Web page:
Badassery in midlife; take your lingerie out of the closet
“Bold, rad, badass,” were the comments on my outfit, a 60s crochet bra on bare skin appearing under an oversized coat. My booties said “Do Ya Thing.”
So what, you might say. Celebs started in 2017 to show their bras on naked skin, under jackets and even instead of a top. Now it’s a trend, big deal… You’re right. Badassery is easy when you’re famous, young and with a physique chiseled to society’s perfection.
In midlife our bodies are often not what perfect describes. Worse, ageism awaits us with jail jackets of suffocating judgments. The reaction to older women claiming their sass is answered with belittling ahs and ohs and casting calls for the crazy old chick. The media presents sassy grandmas, who are “so cute” making the best of saggy features. Some of us chime in and self deprecate. I swing weights lying on my blue exercise ball and tell my boobs to keep it up.
To experiment with out-of-the-box fashion like showing our lingerie is playful and more; we are training our fierce like in a boxing ring where we exercise who we are and what we want. Do we throw the towel adhering to old-fashioned values or swing the red bralette of liberation?
“Take your lingerie out of the closet” is the challenge of today. It’s also a giggle.
The first time I safely revealed what’s underneath was at an art opening where bold fashion is applauded and age is left at the door. Afterwards, I stepped into a late-open supermarket to buy dog food. A couple criticizing smirks hit my warrior’s shield. A head was shaken. I smiled back. I did my thing. No eggs were thrown.
Not every fearless fashion rebel act, which is anything I am afraid of, worried or judgmental about, has made me happy. This outfit did. Old chicks aren’t sexy? Give me a break.
As woke women we dislike bras because of the negative sexist connotations. Badassery in midlife puts a new spin to it; showing off bras is rebellious. It says old chicks are a sensual force to reckon with, sexy in an evolved, aware, fiercely self-loving way. I don’t reveal lingerie as a lure on a cougar path but style myself like art, which explores meaning and ruffles mindsets. My curious inner child enjoys dismantling her toys to get to their secret, and my adult smiles about our sometimes-silly daring.
Sexy at 60 stands up to ageism and takes a punch at sexism. We reframe how we want to be seen; the path to our truth might guide us to the wisdom of Rebel Barbie, the power of Barbarella’s innocence or our victorious secrets. Wearing bras for all to see provokes us to explore what they mean to us and that counts for all ages; are we following the herd or styling from the insight out?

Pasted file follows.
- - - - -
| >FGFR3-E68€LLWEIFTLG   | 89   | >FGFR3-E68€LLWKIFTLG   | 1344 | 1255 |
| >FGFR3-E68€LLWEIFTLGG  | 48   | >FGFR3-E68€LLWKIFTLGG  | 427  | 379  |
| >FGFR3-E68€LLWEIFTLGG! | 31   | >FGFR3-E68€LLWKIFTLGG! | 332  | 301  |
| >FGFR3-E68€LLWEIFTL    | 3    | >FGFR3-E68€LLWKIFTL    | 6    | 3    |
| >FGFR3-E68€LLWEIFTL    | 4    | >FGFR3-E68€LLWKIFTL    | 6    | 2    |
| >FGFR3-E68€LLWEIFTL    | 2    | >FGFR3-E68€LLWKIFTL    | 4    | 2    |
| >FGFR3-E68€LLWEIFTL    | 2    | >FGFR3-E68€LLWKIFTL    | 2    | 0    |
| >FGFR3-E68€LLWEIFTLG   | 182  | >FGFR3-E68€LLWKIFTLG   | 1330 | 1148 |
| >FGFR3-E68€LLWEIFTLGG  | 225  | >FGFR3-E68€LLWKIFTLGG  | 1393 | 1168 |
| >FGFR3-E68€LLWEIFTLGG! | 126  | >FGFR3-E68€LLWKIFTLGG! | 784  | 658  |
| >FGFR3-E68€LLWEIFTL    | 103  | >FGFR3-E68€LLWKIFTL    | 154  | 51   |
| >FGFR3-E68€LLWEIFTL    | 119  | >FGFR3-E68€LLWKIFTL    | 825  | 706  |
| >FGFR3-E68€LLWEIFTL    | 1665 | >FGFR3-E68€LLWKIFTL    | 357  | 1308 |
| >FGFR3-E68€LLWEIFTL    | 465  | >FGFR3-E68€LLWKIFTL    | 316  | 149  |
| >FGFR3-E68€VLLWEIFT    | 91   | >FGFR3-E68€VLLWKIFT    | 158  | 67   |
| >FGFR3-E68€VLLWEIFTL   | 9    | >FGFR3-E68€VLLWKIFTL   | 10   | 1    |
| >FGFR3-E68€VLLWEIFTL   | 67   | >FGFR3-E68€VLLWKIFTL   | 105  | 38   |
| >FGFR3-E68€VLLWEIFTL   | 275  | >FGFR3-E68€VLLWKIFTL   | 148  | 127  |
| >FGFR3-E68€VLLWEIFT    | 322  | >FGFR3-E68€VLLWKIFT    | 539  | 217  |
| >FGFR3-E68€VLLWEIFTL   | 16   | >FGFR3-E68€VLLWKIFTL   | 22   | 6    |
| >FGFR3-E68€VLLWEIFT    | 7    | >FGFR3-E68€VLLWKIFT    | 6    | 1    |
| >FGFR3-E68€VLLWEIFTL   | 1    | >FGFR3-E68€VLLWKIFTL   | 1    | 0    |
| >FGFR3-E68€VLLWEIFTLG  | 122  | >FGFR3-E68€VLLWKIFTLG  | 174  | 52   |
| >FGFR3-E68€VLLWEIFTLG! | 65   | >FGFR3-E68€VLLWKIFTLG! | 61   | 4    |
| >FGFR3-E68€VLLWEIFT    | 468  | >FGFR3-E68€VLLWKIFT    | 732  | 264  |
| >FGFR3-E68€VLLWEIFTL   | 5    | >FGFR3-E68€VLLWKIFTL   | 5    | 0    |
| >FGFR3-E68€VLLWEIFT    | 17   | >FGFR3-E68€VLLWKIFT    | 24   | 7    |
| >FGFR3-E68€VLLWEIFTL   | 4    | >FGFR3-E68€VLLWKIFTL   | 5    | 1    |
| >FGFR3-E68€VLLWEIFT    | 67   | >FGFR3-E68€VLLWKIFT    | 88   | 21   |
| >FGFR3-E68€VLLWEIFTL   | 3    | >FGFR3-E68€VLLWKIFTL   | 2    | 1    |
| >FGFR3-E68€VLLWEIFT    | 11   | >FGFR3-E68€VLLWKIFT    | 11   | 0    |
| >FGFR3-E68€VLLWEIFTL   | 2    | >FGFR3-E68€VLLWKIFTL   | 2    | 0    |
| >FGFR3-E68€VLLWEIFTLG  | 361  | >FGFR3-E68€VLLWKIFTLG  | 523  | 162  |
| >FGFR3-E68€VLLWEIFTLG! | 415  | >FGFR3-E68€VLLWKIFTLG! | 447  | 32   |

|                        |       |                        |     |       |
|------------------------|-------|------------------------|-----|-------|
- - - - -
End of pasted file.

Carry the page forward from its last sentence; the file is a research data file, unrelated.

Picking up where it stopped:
I’m often bra-less under my outfits as less restriction lets me breathe easier. And, even if I never was a hippie, the passionate calls for liberation of the 60s and 70s left an undeniable imprint. Bare boobs were cool then like in ancient times when women were revered like goddesses.
The history of women’s breasts and how they were wrapped or not could fill a 500-page book, a fascinating account of women’s repression and liberation. Women have used a variety of garments and devices to cover, restrain, hide, reveal, flatten or enhance the appearance of their breasts. The style responded to society’s demands disrupted by a few attempts to reclaim ownership of our bodies.
Before they became push-up and plunge bras enhancing cleavage or padded to pretend big boobs, bras began as a powerful anti-repression and physical freedom support. Only about 120 years ago the separation of bras and girdle ended the health threatening, suffocating, immobile dolls producing use of corsets. Feminists claimed that greater participation of women in society required emancipation from corsetry, a need for greater mobility outside and in. In 1874 Elizabeth Stuart Phelps urged to “Burn the corsets.” “Burn the bras,” was a feminist slogan in more recent decades.
Philosophic pondering about human physiques and my dislike of glorifying body parts aside, I appreciate my breasts. My social conditioning tells me they’re cute. My rebel tells me that in a society putting so much importance on their styling I shall continue to treat bras as a sidekick for women power.
You might discover a new fierce letting your bras come out of the closet.
How to style your liberated bras
- Bralette over a T-shirt for an easygoing and edgy outfit.
- Bustiers over blouses
- Bras over or under a transparent shirt or dress
- Go sans top and show a bralette under a blazer or coat like a top
- Pair it with an unbuttoned vest or kimono
- Show it under a loose crochet sweater
- Sport it under or over fishnet tops
- Let stylish bralettes peep out from beneath tank tops
- Wear a lingerie top under a jacket
Tricks for the midlife woman
Combine the bralette with high waist pants
Use mesh tops with long sleeves
Button your jacket on the lower end if you’re nervous to reveal too much belly
Try the style at home or in a clothing store’s dressing cabin, note the feelings coming up looking at your mirror image.
Take a selfie.
Post it on your favorite social platform; is this scary, fun, empowering, rebellious?
Use your followers’ comments to dig deeper, what’s your personal story with breasts, bras and sensuality?
Test your daring and wear it outside.
Post a selfie of your real world experience. Share your feelings.
What we wear is who we are, how and why we wear it is a path to self-awareness. Today I’m not in pushy mode and sport a vintage satin bodice under a denim jacket, the easy-going sass without stress.
My mantra for the day; empowerment lives outside of the box.